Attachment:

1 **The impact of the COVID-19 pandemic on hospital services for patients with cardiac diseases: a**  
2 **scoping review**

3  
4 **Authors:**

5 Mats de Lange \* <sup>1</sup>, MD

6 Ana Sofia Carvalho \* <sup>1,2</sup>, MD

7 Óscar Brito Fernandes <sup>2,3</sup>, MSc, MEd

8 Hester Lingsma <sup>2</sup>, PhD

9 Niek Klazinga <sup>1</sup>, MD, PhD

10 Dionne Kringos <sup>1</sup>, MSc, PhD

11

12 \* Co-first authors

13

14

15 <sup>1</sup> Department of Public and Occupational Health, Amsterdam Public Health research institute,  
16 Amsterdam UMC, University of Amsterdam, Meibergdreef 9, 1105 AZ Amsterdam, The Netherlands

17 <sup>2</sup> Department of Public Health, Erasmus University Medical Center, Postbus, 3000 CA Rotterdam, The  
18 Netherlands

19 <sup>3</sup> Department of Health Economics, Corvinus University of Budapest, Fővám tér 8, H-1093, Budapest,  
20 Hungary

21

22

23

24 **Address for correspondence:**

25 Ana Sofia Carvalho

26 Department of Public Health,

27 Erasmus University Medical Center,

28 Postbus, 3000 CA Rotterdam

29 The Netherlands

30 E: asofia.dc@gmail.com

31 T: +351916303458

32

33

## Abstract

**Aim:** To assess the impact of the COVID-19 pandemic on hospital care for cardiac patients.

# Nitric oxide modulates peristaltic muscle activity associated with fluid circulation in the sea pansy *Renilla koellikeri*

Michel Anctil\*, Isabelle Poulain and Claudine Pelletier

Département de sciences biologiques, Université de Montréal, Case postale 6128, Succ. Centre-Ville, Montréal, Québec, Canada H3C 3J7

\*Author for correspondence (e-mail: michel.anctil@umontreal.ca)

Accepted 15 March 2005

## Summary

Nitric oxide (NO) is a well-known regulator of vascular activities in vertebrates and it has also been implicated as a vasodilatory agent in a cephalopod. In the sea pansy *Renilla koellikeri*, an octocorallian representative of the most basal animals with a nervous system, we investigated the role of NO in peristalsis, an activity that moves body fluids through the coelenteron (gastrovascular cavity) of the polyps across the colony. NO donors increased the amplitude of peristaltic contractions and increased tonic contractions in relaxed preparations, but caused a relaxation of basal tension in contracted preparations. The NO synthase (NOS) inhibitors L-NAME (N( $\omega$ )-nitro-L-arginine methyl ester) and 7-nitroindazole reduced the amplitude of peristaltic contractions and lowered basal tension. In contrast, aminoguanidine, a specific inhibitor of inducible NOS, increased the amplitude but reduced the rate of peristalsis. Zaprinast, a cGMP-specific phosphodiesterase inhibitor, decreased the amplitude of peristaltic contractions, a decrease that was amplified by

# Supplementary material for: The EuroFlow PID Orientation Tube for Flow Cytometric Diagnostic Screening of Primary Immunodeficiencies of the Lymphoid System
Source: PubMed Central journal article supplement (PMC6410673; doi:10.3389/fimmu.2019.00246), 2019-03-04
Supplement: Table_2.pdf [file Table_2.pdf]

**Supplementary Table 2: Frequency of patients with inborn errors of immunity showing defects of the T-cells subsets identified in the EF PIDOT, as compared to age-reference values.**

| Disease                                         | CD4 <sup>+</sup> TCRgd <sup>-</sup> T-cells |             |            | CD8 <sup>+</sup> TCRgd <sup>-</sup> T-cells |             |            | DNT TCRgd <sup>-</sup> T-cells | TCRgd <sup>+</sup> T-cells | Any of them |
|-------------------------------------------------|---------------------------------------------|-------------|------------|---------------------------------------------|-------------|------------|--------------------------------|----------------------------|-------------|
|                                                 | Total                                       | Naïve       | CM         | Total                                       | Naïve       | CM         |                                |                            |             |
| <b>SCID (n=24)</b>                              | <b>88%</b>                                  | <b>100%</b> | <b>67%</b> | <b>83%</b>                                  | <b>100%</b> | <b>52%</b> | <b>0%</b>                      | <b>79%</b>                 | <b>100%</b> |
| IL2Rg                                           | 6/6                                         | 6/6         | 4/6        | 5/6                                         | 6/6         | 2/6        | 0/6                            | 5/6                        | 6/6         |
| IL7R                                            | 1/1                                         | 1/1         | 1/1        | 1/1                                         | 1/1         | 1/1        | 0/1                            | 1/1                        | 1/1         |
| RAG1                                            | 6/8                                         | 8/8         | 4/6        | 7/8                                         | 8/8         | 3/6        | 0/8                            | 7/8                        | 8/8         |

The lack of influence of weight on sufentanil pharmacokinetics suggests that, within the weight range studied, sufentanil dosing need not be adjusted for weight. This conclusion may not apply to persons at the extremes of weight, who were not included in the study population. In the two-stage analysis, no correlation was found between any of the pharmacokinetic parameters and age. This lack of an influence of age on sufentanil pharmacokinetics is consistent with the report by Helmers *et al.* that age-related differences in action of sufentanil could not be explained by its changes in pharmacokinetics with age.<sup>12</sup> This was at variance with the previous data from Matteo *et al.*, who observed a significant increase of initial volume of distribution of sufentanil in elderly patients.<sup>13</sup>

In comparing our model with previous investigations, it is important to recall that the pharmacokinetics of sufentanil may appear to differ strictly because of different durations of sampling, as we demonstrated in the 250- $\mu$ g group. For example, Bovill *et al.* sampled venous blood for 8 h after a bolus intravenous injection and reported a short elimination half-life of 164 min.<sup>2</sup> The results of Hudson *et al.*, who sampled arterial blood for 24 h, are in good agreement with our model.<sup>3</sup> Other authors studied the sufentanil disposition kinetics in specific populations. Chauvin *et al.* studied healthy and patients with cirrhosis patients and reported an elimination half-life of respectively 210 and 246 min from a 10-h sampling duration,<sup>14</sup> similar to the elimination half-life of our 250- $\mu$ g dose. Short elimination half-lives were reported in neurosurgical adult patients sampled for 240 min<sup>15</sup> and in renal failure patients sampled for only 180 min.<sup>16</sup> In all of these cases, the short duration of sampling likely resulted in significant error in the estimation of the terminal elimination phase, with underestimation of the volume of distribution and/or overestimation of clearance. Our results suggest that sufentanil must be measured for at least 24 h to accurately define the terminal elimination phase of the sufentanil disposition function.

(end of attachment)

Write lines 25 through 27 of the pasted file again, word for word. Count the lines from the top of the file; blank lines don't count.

25 Ana Sofia Carvalho

26 Department of Public Health,

27 Erasmus University Medical Center,